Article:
Gwen's story - Flu
Gwen's daughter, Shannon
It was a Wednesday when my 17-year-old daughter, Shannon, came home from school saying she thought a friend gave her the flu. We sent her up to her bedroom and began what all parents do: liquids, meals in bed, lots of coddling and love. She entertained herself with electronics, reading, texting friends and talking to her sister via Skype from Japan—they were two peas in a pod.
We kept her home from school for the rest of the week. On Sunday her dad and I agreed she was not improving the way we thought she ought to. The fever was gone, but she was becoming less involved, less animated, and the sore throat continued. Her dad took her to the hospital while I changed her sheets and dusted her room. Our small town clinic was crowded with flu victims. They waited two hours to see the doctor and then he only had a few minutes to assess her and told them to go home and let it “run its course.”
I chose to stay up all night with her. I gave her a bell to ring if she needed anything, but she never did. Monday was no different.
At about 4:30 a.m. Tuesday morning I heard her get out of bed. I went to the bottom of the stairs and saw her sitting at the top. I said, “Hey there. Good to see you up.” She started to stand and I warned her about being weak. She came down one step at a time on her bottom. She went to her easy chair, but couldn't get comfortable. She got up and laid on the couch. I went into the kitchen to make a cup of coffee and saw out of the corner of my eye that she went into the bathroom.
I find her sitting on the toilet and she taps on the shower curtain. I asked if she would like to take a bath and she nods yes. I helped her get undressed and sit down in the tub. I looked into her eyes and saw she was dying. I said, “I think this was a mistake, Shannon. Let's get you out of here.” She could not get up. I got behind her and lifted her with my forearms under her arm pits. I sat on the toilet with her sitting on my lap. She died in my arms.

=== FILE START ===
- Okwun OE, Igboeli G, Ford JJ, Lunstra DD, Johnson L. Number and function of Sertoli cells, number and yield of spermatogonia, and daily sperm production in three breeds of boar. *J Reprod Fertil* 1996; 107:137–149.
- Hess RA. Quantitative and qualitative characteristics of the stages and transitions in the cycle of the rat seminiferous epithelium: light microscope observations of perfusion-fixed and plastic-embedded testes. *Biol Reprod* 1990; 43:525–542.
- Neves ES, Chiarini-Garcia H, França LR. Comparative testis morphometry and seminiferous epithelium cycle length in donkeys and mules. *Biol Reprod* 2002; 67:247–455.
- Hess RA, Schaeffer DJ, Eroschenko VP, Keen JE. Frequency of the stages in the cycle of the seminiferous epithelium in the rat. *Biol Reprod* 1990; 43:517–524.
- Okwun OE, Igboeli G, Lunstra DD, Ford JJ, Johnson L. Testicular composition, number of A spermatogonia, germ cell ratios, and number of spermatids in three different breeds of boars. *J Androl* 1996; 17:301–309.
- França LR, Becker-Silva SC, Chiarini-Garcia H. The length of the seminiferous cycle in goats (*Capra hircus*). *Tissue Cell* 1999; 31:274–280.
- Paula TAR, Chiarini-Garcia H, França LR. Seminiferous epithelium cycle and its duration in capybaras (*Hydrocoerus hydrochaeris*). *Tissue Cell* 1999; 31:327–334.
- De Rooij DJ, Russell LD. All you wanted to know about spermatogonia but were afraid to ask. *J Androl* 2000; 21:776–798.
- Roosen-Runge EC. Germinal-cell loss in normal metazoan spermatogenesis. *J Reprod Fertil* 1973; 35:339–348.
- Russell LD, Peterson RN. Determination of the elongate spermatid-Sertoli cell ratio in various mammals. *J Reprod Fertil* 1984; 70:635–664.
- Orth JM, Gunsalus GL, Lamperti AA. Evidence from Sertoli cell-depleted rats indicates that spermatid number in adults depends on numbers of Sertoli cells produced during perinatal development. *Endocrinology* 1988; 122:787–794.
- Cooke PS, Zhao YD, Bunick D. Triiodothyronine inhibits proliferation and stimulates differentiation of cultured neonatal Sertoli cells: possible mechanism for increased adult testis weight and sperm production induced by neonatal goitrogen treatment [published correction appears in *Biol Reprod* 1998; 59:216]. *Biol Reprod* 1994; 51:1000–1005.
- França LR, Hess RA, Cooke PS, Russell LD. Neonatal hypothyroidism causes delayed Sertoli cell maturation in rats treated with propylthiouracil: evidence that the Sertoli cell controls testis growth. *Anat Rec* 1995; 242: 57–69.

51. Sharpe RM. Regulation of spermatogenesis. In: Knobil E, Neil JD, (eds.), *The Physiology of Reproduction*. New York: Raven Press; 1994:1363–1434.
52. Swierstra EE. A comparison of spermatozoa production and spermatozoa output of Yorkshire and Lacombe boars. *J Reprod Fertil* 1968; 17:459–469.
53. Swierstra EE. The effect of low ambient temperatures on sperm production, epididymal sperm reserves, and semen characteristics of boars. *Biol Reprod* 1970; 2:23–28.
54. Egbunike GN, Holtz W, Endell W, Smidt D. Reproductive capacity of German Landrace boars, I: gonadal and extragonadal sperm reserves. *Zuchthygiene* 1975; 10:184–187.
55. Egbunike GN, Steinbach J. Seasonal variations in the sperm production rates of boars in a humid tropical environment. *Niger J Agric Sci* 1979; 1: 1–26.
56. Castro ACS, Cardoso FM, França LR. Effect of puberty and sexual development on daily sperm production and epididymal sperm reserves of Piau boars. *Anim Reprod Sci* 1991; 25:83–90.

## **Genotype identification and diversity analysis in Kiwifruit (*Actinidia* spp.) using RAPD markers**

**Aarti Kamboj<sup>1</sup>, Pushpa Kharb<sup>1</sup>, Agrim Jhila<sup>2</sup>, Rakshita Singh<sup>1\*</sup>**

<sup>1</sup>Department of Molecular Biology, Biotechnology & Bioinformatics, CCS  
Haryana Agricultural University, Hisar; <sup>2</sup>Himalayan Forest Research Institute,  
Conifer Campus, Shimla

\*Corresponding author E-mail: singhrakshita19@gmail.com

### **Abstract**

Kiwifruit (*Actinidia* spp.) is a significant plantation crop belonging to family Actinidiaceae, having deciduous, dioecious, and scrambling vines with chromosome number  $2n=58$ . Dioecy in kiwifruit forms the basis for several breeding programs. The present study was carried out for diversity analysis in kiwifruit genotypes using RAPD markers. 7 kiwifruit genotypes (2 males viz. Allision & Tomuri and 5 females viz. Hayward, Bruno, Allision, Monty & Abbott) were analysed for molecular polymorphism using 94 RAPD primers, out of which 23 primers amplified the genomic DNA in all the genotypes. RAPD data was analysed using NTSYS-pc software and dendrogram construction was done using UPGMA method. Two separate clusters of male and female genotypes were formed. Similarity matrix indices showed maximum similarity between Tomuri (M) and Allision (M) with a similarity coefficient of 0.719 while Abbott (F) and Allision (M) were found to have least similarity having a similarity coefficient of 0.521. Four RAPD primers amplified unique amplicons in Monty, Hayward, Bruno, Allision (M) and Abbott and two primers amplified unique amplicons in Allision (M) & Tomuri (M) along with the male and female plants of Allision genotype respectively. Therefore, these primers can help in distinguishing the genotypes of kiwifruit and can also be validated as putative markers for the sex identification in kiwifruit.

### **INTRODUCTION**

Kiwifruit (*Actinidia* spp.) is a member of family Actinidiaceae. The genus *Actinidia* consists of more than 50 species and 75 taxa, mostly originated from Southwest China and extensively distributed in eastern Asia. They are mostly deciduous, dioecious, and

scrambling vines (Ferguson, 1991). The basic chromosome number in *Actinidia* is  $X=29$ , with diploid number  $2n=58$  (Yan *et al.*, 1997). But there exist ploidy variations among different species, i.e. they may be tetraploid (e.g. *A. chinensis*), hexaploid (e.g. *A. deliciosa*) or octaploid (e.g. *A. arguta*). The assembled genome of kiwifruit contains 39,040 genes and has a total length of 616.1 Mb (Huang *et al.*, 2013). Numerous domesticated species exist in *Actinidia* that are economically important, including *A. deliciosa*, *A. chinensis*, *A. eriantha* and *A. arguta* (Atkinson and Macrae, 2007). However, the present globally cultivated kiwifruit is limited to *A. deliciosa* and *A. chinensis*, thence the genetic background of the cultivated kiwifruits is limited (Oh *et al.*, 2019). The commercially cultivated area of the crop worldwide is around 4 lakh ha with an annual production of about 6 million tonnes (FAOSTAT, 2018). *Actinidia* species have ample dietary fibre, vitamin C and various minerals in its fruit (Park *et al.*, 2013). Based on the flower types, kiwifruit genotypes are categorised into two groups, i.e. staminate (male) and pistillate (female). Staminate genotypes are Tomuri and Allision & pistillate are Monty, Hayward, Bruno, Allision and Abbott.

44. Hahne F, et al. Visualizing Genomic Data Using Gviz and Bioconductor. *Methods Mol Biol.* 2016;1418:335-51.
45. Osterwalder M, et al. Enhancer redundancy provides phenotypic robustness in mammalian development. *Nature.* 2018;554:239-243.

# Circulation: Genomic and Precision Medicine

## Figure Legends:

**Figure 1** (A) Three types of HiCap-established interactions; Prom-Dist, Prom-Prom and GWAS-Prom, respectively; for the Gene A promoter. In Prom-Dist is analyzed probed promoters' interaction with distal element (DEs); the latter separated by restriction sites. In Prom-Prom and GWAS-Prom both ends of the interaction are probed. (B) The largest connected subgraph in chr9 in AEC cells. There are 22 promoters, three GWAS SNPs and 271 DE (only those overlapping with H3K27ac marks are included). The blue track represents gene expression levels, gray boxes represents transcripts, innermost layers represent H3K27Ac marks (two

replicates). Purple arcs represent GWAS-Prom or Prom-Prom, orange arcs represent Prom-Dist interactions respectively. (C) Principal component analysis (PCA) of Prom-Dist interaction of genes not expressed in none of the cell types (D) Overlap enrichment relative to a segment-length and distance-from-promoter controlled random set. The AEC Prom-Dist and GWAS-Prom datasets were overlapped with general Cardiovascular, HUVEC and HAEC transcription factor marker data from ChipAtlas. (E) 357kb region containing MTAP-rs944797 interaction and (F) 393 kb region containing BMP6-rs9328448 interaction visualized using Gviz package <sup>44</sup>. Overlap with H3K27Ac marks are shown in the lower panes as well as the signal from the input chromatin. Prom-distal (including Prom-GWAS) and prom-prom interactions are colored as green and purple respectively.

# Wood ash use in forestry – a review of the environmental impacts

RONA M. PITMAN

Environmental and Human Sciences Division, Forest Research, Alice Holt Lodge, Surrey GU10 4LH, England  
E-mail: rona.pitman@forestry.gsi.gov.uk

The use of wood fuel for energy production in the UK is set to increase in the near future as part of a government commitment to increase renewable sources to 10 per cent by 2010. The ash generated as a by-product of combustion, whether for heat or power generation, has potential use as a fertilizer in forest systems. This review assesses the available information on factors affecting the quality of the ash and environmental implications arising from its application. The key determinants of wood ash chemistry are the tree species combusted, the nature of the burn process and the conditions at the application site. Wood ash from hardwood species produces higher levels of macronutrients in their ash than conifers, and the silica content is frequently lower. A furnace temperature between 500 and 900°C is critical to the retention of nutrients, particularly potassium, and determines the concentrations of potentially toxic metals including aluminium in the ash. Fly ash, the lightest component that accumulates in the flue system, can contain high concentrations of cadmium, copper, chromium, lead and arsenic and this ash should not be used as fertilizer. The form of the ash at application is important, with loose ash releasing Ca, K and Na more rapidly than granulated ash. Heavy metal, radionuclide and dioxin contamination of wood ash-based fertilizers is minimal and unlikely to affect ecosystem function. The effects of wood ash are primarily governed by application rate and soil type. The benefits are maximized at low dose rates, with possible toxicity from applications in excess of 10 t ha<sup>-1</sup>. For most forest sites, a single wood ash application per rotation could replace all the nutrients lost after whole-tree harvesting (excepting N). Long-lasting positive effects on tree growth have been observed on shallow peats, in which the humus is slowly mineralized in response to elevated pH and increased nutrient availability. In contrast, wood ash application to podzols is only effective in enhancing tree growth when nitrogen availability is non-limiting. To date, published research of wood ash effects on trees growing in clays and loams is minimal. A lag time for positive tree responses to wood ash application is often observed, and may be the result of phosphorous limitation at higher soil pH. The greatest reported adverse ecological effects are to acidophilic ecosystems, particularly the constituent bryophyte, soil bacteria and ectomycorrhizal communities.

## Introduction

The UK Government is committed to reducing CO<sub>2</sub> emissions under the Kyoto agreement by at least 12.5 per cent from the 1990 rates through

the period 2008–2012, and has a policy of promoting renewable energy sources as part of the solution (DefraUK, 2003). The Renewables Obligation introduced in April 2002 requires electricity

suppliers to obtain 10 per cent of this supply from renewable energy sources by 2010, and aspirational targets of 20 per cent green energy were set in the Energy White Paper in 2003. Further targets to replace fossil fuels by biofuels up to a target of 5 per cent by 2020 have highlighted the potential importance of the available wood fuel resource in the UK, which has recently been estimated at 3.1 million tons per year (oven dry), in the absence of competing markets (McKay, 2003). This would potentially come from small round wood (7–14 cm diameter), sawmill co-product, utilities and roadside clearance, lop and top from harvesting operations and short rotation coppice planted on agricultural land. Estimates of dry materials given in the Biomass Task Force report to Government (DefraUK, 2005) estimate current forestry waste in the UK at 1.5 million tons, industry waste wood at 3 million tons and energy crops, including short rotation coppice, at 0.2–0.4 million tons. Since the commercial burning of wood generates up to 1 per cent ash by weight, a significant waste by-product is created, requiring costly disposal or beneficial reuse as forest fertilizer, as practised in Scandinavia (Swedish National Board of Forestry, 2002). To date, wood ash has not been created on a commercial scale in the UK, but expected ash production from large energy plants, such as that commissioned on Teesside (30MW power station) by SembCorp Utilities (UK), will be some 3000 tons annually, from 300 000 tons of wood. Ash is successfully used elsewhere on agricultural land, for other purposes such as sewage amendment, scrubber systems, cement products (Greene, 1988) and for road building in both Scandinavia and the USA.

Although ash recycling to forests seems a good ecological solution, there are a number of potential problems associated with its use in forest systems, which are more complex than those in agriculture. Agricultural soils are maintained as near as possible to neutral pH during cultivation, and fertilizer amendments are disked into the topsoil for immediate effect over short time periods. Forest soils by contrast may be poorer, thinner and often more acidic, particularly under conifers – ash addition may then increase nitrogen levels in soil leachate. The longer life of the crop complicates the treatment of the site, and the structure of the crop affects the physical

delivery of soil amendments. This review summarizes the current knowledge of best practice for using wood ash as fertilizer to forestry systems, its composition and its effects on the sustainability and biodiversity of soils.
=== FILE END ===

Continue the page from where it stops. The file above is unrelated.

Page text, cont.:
I banged on the wall, screaming for my husband to call 911. I laid her on the floor and checked for any sign of life. I started giving her mouth to mouth. I hear my husband repeating to the 911 operator, “My 17-year-old daughter is not breathing.”
The ambulance took her to our local hospital, but then she was flown to Mayo in Rochester. When we got there, they had her in a glass room and assigned a minister to stand with us. I watched and heard as they opened up my little girl with an electric saw. I had to stay with her. I couldn't tell her when she recovered that I left her alone. I told the minister, when she woke up, I'd tell her how she was the star of her own episode of House, the TV show she loved so much.
When a doctor came out and talked to me, I told him, “I don't care what you have to do, just bring her back to me.” But, they couldn't. The flu killed her organs long before she came downstairs that day.
I have learned the flu made her body produce too many white blood cells. Even after the flu expired, her body wouldn't stop making white blood cells. Organs can't live on white bloods cells. They need more red than white. Shannon didn't feel her organs die.
She was a perfectly normal kid. Active, honor roll, never missed work, saving for college. Everyone who met her loved her.
How can this be? It was just the flu. Sure, you hear on the news that the flu is upon us and you see the signs for flu shots everywhere, but where do you hear, your daughter will die?
Now I know tens of thousands of Americans die every year. Hundreds of thousands around the world. It is not only the frail, weak, very young and very old. It kills perfectly healthy people. You think you'll hear that it is an especially bad year, or that there is a very potent strain, but this was plain old type A flu.
We gave Shannon the choice to be vaccinated or not. She chose not to get it. If I knew the flu was going to take my beautiful girl away, I would have begged her to take the vaccine. There are parents out there that believe the shot is bad. Death is bad. The vaccine is not perfect. There is no guarantee. But if she had received it, then I wouldn't have to bare the guilt I will carry for the rest of my life because, “what if.”
Video clips from "It Takes All of Us" documentary
More information on flu
- Influenza Basics
Information about flu including symptoms, prevention, and vaccination.
- Vaccine Clinic Look-Up
Find a location near you to get your flu vaccine.